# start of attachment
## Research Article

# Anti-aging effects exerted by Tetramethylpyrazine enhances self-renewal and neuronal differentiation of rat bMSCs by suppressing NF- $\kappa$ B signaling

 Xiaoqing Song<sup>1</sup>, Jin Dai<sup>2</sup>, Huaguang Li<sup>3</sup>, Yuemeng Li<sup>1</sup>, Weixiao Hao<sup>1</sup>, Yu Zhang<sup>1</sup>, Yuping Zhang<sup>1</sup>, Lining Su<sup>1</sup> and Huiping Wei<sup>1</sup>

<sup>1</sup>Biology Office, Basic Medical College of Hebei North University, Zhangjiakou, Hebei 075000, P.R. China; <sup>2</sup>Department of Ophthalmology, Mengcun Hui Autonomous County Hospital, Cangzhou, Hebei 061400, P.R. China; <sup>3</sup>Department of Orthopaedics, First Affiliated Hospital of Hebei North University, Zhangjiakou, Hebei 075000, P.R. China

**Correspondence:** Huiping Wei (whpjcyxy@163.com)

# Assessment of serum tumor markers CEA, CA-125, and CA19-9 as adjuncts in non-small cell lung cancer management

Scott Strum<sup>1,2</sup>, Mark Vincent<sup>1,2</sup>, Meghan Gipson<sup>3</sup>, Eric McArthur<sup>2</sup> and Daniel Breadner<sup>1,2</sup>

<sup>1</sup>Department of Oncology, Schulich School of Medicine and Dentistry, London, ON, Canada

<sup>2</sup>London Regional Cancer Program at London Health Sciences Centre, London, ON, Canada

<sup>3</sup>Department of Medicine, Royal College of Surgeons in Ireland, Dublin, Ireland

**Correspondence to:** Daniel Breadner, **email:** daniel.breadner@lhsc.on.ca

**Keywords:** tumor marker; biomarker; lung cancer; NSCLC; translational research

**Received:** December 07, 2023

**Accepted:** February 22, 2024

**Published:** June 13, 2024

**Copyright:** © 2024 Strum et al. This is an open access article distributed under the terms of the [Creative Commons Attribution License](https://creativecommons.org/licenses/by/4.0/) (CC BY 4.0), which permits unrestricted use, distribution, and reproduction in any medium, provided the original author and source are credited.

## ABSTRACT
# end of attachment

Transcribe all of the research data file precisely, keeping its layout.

## Research Article

# Anti-aging effects exerted by Tetramethylpyrazine enhances self-renewal and neuronal differentiation of rat bMSCs by suppressing NF- $\kappa$ B signaling

 Xiaoqing Song<sup>1</sup>, Jin Dai<sup>2</sup>, Huaguang Li<sup>3</sup>, Yuemeng Li<sup>1</sup>, Weixiao Hao<sup>1</sup>, Yu Zhang<sup>1</sup>, Yuping Zhang<sup>1</sup>, Lining Su<sup>1</sup> and Huiping Wei<sup>1</sup>

<sup>1</sup>Biology Office, Basic Medical College of Hebei North University, Zhangjiakou, Hebei 075000, P.R. China; <sup>2</sup>Department of Ophthalmology, Mengcun Hui Autonomous County Hospital, Cangzhou, Hebei 061400, P.R. China; <sup>3</sup>Department of Orthopaedics, First Affiliated Hospital of Hebei North University, Zhangjiakou, Hebei 075000, P.R. China

**Correspondence:** Huiping Wei (whpjcyxy@163.com)

# Assessment of serum tumor markers CEA, CA-125, and CA19-9 as adjuncts in non-small cell lung cancer management

Scott Strum<sup>1,2</sup>, Mark Vincent<sup>1,2</sup>, Meghan Gipson<sup>3</sup>, Eric McArthur<sup>2</sup> and Daniel Breadner<sup>1,2</sup>

<sup>1</sup>Department of Oncology, Schulich School of Medicine and Dentistry, London, ON, Canada

<sup>2</sup>London Regional Cancer Program at London Health Sciences Centre, London, ON, Canada

<sup>3</sup>Department of Medicine, Royal College of Surgeons in Ireland, Dublin, Ireland

**Correspondence to:** Daniel Breadner, **email:** daniel.breadner@lhsc.on.ca

**Keywords:** tumor marker; biomarker; lung cancer; NSCLC; translational research

**Received:** December 07, 2023

**Accepted:** February 22, 2024

**Published:** June 13, 2024

**Copyright:** © 2024 Strum et al. This is an open access article distributed under the terms of the [Creative Commons Attribution License](https://creativecommons.org/licenses/by/4.0/) (CC BY 4.0), which permits unrestricted use, distribution, and reproduction in any medium, provided the original author and source are credited.

## ABSTRACT